Lehman Brothers and the Persistence of Moral Hazard Not only is it questionable public policy to use taxpayer money to bail out private companies, but, more important, it creates a moral hazard: the incentive for those companies to take excessive risks with the knowledge that the government will save them should things go wrong. Of course, the plan backfired completely. The chaos that ensued forced the government to step in to protect almost every financial instrument involved in the credit markets, from money market funds to commercial paper to asset-backed securities, and to ride to the rescue of some of America’s largest banks.
In the process, the government created moral hazard on an epic scale, transforming a vague expectation that certain financial institutions were “too big to fail” into a virtual government guarantee. Moral hazard already existed in the system on at least three levels. First, bank employees and managers had asymmetric compensation structures. In good years, they stood to make huge amounts of money; in bad years, even if the bank lost money, they would still make healthy sums. This gave employees the incentive to take excessive risks because they could shift their potential losses to shareholders.
Second, shareholders had the same payoff structure. Banks are highly leveraged institutions; every dollar contributed by shareholders is magnified by 10 to 30 dollars from creditors. This meant that in good years, shareholders benefited from profits that were juiced by leverage, but should things go wrong, they could shift their potential losses to creditors. As a result, paying bank executives in stock did not mitigate their behavior; in fact, the most senior executives at both Bear Stearns and Lehman had and lost enormous amounts of money tied up in their companies.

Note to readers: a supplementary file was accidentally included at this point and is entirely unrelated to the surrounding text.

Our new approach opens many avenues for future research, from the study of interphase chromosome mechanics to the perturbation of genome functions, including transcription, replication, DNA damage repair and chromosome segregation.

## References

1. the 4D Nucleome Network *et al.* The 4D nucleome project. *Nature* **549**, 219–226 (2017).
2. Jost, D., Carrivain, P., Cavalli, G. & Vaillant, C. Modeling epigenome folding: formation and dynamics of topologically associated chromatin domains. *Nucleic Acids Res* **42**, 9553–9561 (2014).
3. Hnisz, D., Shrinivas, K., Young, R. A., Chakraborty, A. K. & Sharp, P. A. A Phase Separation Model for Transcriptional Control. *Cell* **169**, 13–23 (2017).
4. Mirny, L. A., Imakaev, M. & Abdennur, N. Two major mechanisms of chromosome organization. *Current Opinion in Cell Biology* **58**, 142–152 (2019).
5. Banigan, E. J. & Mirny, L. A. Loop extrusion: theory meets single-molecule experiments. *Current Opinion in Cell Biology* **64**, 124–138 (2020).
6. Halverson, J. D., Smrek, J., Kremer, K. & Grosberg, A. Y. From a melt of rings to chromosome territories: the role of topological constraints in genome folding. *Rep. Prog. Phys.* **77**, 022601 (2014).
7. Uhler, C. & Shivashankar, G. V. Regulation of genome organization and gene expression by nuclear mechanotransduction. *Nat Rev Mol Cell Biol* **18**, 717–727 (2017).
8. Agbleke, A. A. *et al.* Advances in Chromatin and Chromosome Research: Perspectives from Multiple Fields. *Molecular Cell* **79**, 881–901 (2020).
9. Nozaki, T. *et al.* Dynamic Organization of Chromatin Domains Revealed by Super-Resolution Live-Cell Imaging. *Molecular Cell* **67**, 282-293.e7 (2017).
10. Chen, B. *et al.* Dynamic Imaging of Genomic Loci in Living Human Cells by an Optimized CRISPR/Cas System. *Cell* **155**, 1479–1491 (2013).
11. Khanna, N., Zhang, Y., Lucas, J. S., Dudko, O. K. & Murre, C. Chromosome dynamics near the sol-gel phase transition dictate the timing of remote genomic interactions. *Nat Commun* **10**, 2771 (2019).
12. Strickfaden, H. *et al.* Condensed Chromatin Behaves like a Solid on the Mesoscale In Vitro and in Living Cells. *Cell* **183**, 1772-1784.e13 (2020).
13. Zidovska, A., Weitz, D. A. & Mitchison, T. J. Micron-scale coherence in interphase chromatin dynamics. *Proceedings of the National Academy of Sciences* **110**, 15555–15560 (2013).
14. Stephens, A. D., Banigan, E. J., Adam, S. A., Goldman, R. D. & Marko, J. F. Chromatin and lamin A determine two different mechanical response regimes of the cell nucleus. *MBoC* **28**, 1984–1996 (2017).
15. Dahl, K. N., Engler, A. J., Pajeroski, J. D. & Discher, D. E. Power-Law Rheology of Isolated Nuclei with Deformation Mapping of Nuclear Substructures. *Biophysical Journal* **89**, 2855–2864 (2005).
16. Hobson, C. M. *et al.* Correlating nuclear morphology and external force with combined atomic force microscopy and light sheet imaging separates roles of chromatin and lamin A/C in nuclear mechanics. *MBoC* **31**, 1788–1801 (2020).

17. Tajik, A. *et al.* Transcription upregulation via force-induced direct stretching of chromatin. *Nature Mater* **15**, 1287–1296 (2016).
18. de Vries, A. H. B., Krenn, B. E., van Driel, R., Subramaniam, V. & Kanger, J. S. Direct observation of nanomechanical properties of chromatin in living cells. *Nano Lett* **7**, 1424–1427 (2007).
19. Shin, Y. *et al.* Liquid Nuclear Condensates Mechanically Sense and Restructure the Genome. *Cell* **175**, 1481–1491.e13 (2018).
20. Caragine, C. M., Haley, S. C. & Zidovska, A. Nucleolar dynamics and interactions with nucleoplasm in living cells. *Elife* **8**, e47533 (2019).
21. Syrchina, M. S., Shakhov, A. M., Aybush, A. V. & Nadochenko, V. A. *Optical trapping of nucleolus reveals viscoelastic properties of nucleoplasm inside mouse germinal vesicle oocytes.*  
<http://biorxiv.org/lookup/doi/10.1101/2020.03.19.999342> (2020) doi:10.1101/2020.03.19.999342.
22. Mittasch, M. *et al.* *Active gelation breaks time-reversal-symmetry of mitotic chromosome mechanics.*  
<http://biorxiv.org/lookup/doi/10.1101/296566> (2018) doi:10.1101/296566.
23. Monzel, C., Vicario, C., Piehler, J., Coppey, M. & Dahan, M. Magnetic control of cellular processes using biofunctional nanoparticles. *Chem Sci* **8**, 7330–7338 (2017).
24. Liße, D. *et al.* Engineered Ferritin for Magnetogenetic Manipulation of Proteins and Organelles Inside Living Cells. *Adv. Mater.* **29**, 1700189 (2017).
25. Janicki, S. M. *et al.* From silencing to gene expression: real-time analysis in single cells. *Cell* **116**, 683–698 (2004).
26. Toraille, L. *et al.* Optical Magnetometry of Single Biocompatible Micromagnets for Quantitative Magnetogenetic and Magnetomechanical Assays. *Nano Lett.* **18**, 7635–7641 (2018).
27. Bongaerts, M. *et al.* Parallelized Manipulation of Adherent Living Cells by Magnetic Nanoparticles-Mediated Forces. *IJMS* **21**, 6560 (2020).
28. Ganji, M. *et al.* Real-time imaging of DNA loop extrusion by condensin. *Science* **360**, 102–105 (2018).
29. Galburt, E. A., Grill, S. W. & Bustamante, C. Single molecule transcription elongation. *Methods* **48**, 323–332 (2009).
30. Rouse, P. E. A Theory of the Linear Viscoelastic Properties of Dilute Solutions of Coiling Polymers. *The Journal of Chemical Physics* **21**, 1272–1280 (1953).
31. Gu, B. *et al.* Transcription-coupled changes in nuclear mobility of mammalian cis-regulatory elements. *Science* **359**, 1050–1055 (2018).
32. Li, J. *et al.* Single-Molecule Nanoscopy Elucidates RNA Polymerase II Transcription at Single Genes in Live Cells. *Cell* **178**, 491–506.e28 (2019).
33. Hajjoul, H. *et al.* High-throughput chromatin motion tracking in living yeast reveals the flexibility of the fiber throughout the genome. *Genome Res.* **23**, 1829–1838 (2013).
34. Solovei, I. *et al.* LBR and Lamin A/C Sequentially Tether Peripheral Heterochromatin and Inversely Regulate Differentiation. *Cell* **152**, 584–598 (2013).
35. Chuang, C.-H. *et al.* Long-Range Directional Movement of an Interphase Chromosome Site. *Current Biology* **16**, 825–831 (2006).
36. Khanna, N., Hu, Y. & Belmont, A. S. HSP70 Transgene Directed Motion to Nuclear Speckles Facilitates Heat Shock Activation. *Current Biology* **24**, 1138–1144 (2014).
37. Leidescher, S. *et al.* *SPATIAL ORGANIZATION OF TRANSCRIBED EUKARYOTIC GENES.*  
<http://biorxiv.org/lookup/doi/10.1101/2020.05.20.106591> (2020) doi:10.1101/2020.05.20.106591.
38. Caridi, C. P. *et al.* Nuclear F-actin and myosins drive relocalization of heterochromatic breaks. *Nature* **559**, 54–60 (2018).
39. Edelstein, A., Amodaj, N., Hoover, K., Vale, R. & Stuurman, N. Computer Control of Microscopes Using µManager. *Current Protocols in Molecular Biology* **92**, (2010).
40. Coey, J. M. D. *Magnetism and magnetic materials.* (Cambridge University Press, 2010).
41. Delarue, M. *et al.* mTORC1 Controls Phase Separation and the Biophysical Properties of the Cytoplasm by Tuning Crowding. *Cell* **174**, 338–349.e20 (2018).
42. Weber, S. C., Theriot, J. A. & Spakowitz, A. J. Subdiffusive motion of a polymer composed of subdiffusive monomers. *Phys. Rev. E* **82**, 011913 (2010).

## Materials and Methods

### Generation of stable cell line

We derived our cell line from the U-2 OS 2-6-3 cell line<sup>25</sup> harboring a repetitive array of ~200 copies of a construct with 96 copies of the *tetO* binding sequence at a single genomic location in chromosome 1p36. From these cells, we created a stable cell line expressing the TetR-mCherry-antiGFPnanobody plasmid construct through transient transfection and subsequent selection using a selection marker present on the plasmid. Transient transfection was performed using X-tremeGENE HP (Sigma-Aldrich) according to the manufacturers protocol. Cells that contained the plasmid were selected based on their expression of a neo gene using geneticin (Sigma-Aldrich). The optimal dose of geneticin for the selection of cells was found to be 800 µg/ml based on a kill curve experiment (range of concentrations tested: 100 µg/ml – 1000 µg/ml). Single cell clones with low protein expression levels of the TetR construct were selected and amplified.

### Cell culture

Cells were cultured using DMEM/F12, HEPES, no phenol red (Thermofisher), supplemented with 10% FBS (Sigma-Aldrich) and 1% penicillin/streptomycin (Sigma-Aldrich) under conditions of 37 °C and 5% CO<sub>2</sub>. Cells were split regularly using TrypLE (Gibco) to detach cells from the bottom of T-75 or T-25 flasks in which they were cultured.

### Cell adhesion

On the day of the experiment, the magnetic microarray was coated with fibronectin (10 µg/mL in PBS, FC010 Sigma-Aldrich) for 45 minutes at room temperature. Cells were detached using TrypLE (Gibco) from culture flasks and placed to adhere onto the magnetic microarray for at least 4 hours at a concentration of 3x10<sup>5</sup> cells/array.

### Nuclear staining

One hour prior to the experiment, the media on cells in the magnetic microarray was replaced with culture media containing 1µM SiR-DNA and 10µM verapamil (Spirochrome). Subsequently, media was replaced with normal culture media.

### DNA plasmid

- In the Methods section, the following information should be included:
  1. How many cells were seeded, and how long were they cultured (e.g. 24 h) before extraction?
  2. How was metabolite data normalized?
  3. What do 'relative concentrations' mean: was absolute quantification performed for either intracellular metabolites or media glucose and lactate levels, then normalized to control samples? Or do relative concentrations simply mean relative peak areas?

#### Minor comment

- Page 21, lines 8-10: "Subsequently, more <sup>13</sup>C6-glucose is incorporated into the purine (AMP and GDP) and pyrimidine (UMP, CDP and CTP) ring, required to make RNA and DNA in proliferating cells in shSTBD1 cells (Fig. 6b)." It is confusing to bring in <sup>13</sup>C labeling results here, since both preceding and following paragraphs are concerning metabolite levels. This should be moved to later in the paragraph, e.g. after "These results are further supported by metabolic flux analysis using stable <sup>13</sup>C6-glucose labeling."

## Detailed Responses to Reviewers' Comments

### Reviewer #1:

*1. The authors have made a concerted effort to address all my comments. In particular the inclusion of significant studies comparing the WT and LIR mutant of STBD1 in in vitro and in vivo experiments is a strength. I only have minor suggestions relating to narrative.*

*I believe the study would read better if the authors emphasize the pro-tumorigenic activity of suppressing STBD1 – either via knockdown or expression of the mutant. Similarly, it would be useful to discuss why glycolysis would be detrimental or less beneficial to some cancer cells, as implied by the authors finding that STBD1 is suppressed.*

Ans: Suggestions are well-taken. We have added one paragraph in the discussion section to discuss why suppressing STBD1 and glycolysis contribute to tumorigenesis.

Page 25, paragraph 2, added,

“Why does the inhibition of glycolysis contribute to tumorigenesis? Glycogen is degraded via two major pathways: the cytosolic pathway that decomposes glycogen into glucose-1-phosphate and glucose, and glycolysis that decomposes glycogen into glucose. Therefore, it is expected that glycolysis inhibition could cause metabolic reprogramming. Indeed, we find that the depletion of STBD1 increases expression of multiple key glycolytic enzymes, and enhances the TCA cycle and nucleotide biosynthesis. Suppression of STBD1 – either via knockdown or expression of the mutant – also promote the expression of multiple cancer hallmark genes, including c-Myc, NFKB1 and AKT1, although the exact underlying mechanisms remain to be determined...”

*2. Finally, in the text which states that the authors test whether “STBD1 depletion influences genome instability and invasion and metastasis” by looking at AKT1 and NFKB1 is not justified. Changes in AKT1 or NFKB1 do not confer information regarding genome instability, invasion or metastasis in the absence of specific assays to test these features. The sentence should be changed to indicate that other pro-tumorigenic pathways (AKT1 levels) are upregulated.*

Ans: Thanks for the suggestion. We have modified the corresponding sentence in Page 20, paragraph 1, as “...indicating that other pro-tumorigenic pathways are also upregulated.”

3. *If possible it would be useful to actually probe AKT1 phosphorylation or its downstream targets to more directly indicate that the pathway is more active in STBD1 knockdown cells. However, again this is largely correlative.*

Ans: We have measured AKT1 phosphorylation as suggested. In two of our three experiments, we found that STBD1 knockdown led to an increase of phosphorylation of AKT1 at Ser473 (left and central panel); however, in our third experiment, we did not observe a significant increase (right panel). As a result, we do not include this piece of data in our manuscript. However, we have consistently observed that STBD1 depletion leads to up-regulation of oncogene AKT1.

Third, creditors had only limited incentives to watch over major banks. Ordinarily, creditors should demand high interest rates on loans to highly leveraged institutions. However, the expectation that large banks would not be allowed to fail made creditors more willing to lend to them. This is why the failure of Lehman was such a damaging blow: It shattered market expectations that the government would not let a major bank fail. “No more Lehmans” — which has made the implicit government guarantee stronger than ever before.
So while the decision to let Lehman fail was a mistake, rescuing Lehman would not have prevented the financial crisis; most likely it would have only reduced the degree of panic and the amount of collateral damage to the global economy. If the Obama administration is serious about preventing a future financial crisis, it will have to address these three forms of moral hazard. However, its proposals may not be adequate to the task.
The proposed solutions to skewed compensation structures are “say on pay” and increased independence of board compensation committees. However, at best this ensures that managers have the same incentives as shareholders — which they already do for the most part. These reforms do not address the problem that shareholders like the fact that banks are highly leveraged institutions. Another approach to limiting moral hazard is giving the government resolution authority” for large financial institutions, similar to the FDIC’s power to shut down commercial banks.
This would theoretically give the government the ability to wind down a bank in an orderly fashion while imposing “haircuts” on creditors; this would, in turn, give creditors the incentive to watch more closely over their borrowers. Resolution authority carries a meaningful threat only if market participants believe the government would actually use it in a way that harms shareholders and creditors . . . and the government has just spent months insisting that harming either shareholders or creditors is a mistake.
Treasury Department has also proposed tightening capital requirements on large banks, which could make it harder for them to borrow large amounts of money. But this would do little to change the incentives at work; it would at best reduce the amount of damage that a bank could cause on the way down. If moral hazard cannot be effectively minimized, then the alternative solution is stricter regulation. The government would have the power to simply demand that they do the right thing We may find ourselves attempting to contain moral hazard, on a trial-and-error basis, for years to come.